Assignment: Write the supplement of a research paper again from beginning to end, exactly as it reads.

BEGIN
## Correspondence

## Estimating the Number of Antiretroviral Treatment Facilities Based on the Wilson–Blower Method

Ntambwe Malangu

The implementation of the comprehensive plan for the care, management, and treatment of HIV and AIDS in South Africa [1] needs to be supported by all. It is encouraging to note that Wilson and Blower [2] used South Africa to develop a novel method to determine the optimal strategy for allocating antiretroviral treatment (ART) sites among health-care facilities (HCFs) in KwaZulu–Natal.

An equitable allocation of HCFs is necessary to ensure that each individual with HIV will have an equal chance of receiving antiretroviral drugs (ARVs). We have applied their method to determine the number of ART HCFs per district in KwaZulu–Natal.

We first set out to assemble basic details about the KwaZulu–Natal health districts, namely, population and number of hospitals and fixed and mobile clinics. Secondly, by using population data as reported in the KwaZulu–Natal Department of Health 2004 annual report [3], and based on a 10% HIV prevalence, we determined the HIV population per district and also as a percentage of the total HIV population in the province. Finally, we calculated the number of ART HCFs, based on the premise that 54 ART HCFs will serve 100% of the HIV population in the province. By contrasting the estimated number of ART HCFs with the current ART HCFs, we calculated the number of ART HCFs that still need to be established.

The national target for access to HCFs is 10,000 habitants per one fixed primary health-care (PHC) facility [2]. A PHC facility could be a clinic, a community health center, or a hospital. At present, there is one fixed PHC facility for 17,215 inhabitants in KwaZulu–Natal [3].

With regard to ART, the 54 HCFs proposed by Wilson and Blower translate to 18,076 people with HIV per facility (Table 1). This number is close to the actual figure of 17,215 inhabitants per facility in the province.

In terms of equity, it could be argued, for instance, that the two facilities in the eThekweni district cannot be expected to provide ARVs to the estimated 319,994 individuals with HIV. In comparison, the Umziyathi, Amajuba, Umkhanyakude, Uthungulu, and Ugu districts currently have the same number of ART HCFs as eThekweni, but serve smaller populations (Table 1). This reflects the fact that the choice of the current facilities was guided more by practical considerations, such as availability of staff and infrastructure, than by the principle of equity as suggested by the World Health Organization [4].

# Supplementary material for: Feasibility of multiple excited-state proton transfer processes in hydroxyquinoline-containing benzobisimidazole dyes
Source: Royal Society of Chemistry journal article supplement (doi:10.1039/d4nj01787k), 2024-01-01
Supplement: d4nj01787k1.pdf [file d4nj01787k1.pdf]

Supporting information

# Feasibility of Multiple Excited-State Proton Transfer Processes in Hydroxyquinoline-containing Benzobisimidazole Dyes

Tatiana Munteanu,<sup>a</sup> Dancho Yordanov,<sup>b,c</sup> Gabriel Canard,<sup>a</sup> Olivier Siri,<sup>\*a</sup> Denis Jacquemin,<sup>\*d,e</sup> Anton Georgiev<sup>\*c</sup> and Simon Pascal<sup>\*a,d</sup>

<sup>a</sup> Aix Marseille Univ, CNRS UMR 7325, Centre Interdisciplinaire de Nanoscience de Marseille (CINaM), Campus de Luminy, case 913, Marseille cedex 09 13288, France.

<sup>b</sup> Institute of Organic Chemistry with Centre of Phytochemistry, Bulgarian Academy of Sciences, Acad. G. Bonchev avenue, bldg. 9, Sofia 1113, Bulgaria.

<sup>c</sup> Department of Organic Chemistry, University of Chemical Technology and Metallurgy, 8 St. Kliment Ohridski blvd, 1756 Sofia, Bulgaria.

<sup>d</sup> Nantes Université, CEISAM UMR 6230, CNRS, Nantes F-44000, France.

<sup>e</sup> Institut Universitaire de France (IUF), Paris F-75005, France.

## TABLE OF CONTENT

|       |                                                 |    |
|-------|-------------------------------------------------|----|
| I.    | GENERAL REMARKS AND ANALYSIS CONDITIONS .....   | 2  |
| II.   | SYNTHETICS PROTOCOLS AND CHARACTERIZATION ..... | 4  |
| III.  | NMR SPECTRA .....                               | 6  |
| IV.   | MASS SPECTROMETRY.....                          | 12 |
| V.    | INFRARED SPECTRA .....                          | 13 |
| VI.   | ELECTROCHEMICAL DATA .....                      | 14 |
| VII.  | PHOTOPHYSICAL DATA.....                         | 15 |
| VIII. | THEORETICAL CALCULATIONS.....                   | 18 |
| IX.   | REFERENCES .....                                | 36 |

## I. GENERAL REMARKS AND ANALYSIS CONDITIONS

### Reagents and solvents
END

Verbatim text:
## Correspondence

## Estimating the Number of Antiretroviral Treatment Facilities Based on the Wilson–Blower Method

Ntambwe Malangu

The implementation of the comprehensive plan for the care, management, and treatment of HIV and AIDS in South Africa [1] needs to be supported by all. It is encouraging to note that Wilson and Blower [2] used South Africa to develop a novel method to determine the optimal strategy for allocating antiretroviral treatment (ART) sites among health-care facilities (HCFs) in KwaZulu–Natal.

An equitable allocation of HCFs is necessary to ensure that each individual with HIV will have an equal chance of receiving antiretroviral drugs (ARVs). We have applied their method to determine the number of ART HCFs per district in KwaZulu–Natal.

We first set out to assemble basic details about the KwaZulu–Natal health districts, namely, population and number of hospitals and fixed and mobile clinics. Secondly, by using population data as reported in the KwaZulu–Natal Department of Health 2004 annual report [3], and based on a 10% HIV prevalence, we determined the HIV population per district and also as a percentage of the total HIV population in the province. Finally, we calculated the number of ART HCFs, based on the premise that 54 ART HCFs will serve 100% of the HIV population in the province. By contrasting the estimated number of ART HCFs with the current ART HCFs, we calculated the number of ART HCFs that still need to be established.

The national target for access to HCFs is 10,000 habitants per one fixed primary health-care (PHC) facility [2]. A PHC facility could be a clinic, a community health center, or a hospital. At present, there is one fixed PHC facility for 17,215 inhabitants in KwaZulu–Natal [3].

With regard to ART, the 54 HCFs proposed by Wilson and Blower translate to 18,076 people with HIV per facility (Table 1). This number is close to the actual figure of 17,215 inhabitants per facility in the province.

In terms of equity, it could be argued, for instance, that the two facilities in the eThekweni district cannot be expected to provide ARVs to the estimated 319,994 individuals with HIV. In comparison, the Umziyathi, Amajuba, Umkhanyakude, Uthungulu, and Ugu districts currently have the same number of ART HCFs as eThekweni, but serve smaller populations (Table 1). This reflects the fact that the choice of the current facilities was guided more by practical considerations, such as availability of staff and infrastructure, than by the principle of equity as suggested by the World Health Organization [4].

# Supplementary material for: Feasibility of multiple excited-state proton transfer processes in hydroxyquinoline-containing benzobisimidazole dyes
Source: Royal Society of Chemistry journal article supplement (doi:10.1039/d4nj01787k), 2024-01-01
Supplement: d4nj01787k1.pdf [file d4nj01787k1.pdf]

Supporting information

# Feasibility of Multiple Excited-State Proton Transfer Processes in Hydroxyquinoline-containing Benzobisimidazole Dyes

Tatiana Munteanu,<sup>a</sup> Dancho Yordanov,<sup>b,c</sup> Gabriel Canard,<sup>a</sup> Olivier Siri,<sup>\*a</sup> Denis Jacquemin,<sup>\*d,e</sup> Anton Georgiev<sup>\*c</sup> and Simon Pascal<sup>\*a,d</sup>

<sup>a</sup> Aix Marseille Univ, CNRS UMR 7325, Centre Interdisciplinaire de Nanoscience de Marseille (CINaM), Campus de Luminy, case 913, Marseille cedex 09 13288, France.

<sup>b</sup> Institute of Organic Chemistry with Centre of Phytochemistry, Bulgarian Academy of Sciences, Acad. G. Bonchev avenue, bldg. 9, Sofia 1113, Bulgaria.

<sup>c</sup> Department of Organic Chemistry, University of Chemical Technology and Metallurgy, 8 St. Kliment Ohridski blvd, 1756 Sofia, Bulgaria.

<sup>d</sup> Nantes Université, CEISAM UMR 6230, CNRS, Nantes F-44000, France.

<sup>e</sup> Institut Universitaire de France (IUF), Paris F-75005, France.

## TABLE OF CONTENT

|       |                                                 |    |
|-------|-------------------------------------------------|----|
| I.    | GENERAL REMARKS AND ANALYSIS CONDITIONS .....   | 2  |
| II.   | SYNTHETICS PROTOCOLS AND CHARACTERIZATION ..... | 4  |
| III.  | NMR SPECTRA .....                               | 6  |
| IV.   | MASS SPECTROMETRY.....                          | 12 |
| V.    | INFRARED SPECTRA .....                          | 13 |
| VI.   | ELECTROCHEMICAL DATA .....                      | 14 |
| VII.  | PHOTOPHYSICAL DATA.....                         | 15 |
| VIII. | THEORETICAL CALCULATIONS.....                   | 18 |
| IX.   | REFERENCES .....                                | 36 |

## I. GENERAL REMARKS AND ANALYSIS CONDITIONS

### Reagents and solvents